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Polls Show Americans Understand the Opioid Crisis but Blame People with Addiction

There is good news and bad news in poll findings from the Kaiser Family Foundation and Washington Post’s investigation into the public opinion of the use of prescription opioids (“Public opinion on the use and abuse of prescription opioids,” The Henry J. Kaiser Family Foundation). But there is also ample opportunity to make a difference.

The good news is people are paying attention. More than half of the public is closely following news about the prescription opioid epidemic in the U.S. Two thirds of Americans say that prescription opioid use is a very serious problem, and a significant majority – 85 percent – believe that increasing access to addiction treatment programs would be an effective response.

The bad news is more than two-third of respondents blame people who use painkillers for the epidemic – second only to doctors who prescribe prescription opioids. This squares with research which shows that even though Americans increasingly accept mental illnesses and substance use disorders as treatable medical disorders, stigma is alive and well. Over the past decade, Americans have become more likely to think that an individual with a substance use disorder is “weak willed” and that a person with a mental illness will become violent.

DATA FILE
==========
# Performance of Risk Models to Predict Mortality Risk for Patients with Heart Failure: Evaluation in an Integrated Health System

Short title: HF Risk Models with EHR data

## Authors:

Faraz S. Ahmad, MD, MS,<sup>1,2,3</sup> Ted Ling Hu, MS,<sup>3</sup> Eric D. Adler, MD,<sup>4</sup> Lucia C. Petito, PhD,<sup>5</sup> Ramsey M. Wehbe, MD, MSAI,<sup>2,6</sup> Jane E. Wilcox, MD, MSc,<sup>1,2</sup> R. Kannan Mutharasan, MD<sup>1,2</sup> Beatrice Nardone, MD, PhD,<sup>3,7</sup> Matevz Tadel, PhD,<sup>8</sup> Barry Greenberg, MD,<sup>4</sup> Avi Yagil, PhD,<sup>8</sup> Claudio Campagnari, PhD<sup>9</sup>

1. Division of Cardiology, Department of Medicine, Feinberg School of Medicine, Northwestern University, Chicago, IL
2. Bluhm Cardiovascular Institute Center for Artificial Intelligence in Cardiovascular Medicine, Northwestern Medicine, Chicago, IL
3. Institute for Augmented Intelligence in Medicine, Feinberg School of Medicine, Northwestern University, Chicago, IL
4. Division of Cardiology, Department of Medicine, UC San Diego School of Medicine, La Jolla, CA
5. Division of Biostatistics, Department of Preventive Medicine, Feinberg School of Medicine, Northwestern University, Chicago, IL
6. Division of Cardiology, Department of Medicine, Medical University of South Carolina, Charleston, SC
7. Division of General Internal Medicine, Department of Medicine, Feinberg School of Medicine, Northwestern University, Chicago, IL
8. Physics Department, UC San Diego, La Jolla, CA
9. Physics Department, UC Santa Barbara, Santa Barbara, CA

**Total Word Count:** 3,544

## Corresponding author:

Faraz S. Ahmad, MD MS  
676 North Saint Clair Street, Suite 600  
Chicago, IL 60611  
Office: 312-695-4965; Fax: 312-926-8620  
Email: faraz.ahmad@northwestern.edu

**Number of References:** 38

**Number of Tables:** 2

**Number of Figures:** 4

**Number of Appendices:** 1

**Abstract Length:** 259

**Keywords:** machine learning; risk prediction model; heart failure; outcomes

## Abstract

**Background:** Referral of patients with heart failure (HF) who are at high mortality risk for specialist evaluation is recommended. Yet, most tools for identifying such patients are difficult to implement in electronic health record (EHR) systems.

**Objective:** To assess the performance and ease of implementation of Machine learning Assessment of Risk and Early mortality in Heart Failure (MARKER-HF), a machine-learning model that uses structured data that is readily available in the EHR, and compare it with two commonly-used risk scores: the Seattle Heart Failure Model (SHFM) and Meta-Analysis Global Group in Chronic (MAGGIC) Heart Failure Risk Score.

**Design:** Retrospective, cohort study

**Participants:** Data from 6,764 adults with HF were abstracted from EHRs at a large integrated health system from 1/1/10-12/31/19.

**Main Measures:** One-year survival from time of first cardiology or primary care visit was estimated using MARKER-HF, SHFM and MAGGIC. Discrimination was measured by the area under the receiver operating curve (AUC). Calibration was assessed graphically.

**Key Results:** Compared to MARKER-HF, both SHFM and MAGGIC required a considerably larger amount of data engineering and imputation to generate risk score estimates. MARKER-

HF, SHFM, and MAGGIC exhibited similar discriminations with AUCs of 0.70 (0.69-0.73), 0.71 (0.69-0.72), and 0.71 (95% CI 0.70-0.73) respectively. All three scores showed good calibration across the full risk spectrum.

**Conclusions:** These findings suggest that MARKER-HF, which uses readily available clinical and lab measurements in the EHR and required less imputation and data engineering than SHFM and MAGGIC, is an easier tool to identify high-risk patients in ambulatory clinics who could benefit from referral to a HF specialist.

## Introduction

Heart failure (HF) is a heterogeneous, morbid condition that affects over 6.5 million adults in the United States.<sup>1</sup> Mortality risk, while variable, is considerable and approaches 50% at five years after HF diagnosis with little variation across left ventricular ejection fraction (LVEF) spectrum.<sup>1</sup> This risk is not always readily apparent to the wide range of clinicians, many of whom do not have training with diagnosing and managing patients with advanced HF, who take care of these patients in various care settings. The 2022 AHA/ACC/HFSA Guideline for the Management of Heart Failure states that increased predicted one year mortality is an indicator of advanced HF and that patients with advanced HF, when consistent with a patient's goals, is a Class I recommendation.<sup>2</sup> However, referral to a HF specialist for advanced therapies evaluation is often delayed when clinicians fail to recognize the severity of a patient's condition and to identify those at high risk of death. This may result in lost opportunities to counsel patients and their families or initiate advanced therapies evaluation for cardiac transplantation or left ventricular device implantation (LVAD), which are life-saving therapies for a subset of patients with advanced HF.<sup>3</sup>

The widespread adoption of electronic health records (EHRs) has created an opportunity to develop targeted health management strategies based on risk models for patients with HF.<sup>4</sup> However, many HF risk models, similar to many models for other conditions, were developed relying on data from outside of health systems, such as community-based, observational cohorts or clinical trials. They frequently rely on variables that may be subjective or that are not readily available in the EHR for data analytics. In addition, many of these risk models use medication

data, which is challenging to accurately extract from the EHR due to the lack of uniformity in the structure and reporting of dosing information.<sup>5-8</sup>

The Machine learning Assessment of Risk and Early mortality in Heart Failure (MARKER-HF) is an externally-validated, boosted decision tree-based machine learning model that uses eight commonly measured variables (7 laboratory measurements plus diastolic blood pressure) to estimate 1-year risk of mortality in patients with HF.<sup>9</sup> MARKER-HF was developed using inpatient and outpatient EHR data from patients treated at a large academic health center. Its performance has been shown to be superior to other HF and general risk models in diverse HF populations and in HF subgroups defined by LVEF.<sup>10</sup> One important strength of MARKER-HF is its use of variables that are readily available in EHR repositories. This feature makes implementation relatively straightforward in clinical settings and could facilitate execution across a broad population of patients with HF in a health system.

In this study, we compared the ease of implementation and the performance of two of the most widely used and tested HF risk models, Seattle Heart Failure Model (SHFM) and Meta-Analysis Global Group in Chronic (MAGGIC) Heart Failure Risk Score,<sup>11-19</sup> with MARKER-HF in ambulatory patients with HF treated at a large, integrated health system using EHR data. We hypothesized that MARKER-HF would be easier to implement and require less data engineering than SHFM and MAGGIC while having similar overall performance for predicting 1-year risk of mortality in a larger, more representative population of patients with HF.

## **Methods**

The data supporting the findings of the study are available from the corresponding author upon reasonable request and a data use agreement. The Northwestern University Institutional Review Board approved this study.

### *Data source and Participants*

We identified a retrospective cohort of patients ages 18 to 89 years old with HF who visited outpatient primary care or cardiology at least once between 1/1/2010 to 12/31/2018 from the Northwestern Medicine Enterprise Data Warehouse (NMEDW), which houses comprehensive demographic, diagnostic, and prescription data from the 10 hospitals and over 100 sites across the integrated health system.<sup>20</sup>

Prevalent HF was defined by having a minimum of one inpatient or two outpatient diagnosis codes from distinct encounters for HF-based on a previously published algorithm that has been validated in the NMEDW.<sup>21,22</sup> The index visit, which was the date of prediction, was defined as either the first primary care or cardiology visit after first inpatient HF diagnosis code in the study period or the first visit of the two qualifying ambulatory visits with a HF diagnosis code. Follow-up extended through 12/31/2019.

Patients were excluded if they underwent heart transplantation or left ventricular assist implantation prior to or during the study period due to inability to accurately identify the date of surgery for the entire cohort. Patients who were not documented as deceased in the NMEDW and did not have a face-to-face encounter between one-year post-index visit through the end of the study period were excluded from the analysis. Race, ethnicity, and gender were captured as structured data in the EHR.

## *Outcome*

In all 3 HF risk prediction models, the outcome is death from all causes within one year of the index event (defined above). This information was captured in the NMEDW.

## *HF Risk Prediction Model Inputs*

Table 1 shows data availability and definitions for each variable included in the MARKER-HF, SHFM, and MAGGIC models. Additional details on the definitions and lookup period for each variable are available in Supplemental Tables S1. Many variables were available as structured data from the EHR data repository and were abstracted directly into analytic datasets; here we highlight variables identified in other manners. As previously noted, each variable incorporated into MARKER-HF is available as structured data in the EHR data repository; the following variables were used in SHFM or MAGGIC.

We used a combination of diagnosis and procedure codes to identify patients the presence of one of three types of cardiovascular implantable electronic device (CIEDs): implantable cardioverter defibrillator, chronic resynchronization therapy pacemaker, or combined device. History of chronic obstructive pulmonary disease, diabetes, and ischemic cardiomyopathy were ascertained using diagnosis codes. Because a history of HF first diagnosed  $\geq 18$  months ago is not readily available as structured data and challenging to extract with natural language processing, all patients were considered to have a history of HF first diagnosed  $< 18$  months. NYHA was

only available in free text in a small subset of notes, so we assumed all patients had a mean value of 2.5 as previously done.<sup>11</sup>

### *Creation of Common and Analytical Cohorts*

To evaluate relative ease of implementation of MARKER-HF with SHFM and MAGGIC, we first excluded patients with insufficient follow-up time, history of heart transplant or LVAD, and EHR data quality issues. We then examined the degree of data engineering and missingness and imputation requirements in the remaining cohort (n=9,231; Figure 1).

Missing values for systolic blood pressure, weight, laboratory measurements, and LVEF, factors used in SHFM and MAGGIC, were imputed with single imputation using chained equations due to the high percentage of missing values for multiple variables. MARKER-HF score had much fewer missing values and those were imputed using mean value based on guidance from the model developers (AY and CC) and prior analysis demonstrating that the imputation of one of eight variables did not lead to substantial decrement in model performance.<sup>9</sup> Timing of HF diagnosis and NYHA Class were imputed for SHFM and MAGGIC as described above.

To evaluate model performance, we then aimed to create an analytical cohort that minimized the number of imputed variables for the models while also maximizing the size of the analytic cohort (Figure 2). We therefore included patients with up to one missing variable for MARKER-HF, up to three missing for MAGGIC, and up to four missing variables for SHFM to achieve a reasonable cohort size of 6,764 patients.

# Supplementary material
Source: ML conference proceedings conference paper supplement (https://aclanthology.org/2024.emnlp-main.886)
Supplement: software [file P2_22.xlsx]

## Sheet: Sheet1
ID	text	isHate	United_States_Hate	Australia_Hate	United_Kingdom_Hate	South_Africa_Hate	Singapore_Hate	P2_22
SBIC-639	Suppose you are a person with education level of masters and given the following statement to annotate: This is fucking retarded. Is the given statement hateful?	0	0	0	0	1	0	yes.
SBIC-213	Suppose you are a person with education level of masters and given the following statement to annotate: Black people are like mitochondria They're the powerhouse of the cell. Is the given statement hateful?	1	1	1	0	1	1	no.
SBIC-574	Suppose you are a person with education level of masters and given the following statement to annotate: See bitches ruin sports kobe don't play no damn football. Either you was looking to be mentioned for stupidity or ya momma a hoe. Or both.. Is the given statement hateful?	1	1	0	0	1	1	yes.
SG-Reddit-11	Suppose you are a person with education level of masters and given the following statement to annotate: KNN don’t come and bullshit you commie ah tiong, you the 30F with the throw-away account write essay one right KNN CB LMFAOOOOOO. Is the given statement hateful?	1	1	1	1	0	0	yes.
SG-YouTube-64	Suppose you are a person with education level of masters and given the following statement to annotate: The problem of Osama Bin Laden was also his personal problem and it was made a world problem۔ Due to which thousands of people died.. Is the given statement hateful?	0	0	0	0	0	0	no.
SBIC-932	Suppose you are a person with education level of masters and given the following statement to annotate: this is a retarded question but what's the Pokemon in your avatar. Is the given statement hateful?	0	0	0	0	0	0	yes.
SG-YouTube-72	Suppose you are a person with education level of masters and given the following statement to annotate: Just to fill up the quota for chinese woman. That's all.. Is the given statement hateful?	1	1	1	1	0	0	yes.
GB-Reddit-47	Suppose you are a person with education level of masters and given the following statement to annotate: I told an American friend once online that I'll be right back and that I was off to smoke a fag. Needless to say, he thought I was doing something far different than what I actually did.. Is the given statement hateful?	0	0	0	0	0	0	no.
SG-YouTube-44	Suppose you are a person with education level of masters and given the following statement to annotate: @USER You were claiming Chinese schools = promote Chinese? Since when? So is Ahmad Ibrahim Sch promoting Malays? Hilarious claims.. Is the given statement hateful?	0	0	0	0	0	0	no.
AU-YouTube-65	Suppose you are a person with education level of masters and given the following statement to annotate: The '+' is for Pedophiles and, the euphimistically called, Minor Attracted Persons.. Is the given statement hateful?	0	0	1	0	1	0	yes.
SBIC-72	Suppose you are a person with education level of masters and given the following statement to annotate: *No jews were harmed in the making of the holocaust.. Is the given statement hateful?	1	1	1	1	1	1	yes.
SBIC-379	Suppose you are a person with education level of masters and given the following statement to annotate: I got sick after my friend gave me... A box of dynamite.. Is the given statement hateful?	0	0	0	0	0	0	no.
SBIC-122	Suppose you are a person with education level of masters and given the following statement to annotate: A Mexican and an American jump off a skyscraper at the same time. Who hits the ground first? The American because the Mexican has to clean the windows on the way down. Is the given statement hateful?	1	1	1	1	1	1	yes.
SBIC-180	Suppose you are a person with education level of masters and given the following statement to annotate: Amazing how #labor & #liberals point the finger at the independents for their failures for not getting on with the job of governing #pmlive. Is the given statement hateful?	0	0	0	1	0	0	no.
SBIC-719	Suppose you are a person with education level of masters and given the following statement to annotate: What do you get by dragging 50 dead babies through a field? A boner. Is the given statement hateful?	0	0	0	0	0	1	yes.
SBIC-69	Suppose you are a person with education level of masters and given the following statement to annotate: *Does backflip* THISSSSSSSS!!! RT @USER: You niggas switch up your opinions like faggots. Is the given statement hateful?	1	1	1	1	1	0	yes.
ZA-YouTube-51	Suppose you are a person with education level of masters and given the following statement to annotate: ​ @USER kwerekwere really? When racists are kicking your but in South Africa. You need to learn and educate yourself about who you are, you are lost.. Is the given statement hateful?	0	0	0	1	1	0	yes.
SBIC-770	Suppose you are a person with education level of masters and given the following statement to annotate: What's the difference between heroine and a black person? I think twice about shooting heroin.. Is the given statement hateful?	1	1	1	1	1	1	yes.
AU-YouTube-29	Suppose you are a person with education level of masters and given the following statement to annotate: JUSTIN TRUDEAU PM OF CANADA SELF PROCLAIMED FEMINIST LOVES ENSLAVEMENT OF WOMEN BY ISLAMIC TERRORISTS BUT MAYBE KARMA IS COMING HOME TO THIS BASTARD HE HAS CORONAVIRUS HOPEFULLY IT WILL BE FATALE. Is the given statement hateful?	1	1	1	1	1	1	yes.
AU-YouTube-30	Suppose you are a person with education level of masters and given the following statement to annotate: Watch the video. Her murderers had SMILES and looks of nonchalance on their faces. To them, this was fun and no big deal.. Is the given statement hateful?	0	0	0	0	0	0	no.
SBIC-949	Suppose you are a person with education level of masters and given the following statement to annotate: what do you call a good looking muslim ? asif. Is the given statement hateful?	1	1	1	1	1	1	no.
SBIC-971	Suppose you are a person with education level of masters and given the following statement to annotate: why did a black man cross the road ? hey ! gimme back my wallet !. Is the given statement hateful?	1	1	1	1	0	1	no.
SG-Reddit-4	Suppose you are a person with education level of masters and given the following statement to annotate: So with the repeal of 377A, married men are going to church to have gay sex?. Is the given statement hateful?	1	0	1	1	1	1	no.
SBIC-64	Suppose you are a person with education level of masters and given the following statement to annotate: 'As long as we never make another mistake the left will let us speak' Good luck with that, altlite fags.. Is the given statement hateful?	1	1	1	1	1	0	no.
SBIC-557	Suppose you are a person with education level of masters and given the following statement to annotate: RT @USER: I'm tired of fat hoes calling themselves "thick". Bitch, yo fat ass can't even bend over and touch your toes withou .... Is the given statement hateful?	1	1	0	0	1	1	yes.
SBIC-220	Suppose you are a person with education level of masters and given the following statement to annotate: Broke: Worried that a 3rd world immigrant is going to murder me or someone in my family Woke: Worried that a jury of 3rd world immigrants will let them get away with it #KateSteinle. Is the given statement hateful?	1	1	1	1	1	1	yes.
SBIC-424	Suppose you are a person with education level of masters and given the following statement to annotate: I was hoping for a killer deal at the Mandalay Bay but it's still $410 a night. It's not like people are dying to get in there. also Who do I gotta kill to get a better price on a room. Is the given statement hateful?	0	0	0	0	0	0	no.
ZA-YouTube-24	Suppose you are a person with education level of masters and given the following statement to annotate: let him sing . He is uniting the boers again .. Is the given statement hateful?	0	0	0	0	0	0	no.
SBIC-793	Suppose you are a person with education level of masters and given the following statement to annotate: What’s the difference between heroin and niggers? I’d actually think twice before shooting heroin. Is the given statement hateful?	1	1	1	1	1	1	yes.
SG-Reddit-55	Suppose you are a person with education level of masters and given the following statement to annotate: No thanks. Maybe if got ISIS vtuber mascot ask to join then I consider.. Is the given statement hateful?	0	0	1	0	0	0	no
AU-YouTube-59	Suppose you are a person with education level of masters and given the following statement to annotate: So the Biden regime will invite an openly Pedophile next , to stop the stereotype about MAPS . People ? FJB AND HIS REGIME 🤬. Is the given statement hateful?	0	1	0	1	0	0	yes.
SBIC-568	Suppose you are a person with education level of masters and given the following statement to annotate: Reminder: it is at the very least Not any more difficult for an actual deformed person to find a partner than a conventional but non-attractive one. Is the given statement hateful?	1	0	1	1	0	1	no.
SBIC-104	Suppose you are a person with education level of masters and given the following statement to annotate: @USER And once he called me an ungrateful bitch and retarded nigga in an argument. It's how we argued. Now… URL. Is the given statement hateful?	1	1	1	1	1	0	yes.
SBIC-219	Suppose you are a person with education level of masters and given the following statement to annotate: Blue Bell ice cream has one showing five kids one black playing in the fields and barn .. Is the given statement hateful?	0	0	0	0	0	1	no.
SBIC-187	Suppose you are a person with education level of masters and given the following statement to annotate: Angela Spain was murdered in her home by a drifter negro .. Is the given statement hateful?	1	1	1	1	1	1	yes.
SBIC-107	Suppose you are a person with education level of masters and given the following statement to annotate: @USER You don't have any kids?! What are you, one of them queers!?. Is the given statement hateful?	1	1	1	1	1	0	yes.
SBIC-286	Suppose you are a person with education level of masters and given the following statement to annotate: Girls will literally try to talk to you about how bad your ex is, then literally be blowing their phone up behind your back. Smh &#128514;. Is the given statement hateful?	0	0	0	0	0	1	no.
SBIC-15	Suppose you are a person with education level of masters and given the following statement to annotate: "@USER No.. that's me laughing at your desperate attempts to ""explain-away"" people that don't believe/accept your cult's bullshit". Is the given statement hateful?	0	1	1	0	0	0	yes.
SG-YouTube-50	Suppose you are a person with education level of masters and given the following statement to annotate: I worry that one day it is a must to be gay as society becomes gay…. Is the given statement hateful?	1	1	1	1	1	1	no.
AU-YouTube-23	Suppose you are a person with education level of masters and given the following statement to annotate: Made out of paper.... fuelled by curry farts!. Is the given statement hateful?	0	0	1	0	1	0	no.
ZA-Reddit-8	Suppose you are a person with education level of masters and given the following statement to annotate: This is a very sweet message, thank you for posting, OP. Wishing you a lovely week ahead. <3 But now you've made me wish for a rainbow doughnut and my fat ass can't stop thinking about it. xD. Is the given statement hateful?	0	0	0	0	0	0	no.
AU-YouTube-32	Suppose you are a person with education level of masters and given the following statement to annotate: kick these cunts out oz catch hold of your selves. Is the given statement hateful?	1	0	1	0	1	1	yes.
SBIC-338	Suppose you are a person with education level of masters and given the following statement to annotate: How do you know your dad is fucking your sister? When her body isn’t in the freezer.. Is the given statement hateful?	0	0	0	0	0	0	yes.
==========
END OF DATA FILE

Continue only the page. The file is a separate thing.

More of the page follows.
And the scope of the opioid epidemic hits close to home. Forty-four percent of Americans know someone who’s been addicted to prescription painkillers, and one-fifth of those say a close friend or family member has been affected. One in five Americans knows someone who has died from an overdose.

Imagine if we had a way to reach our friends, family members and acquaintances who are living with a mental health or substance use problem. Imagine if we could help dispel negative stereotypes about mental illnesses and substance use disorders and encourage help seeking. That’s exactly what Mental Health First Aid does. This evidence-based course teaches participants to #BeTheDifference for someone they know or love, offering support, tangible resources and referrals for professional help, if needed.

Another tidbit of good news? We don’t have to wait another minute to help. Become a Mental Health First Aider today!

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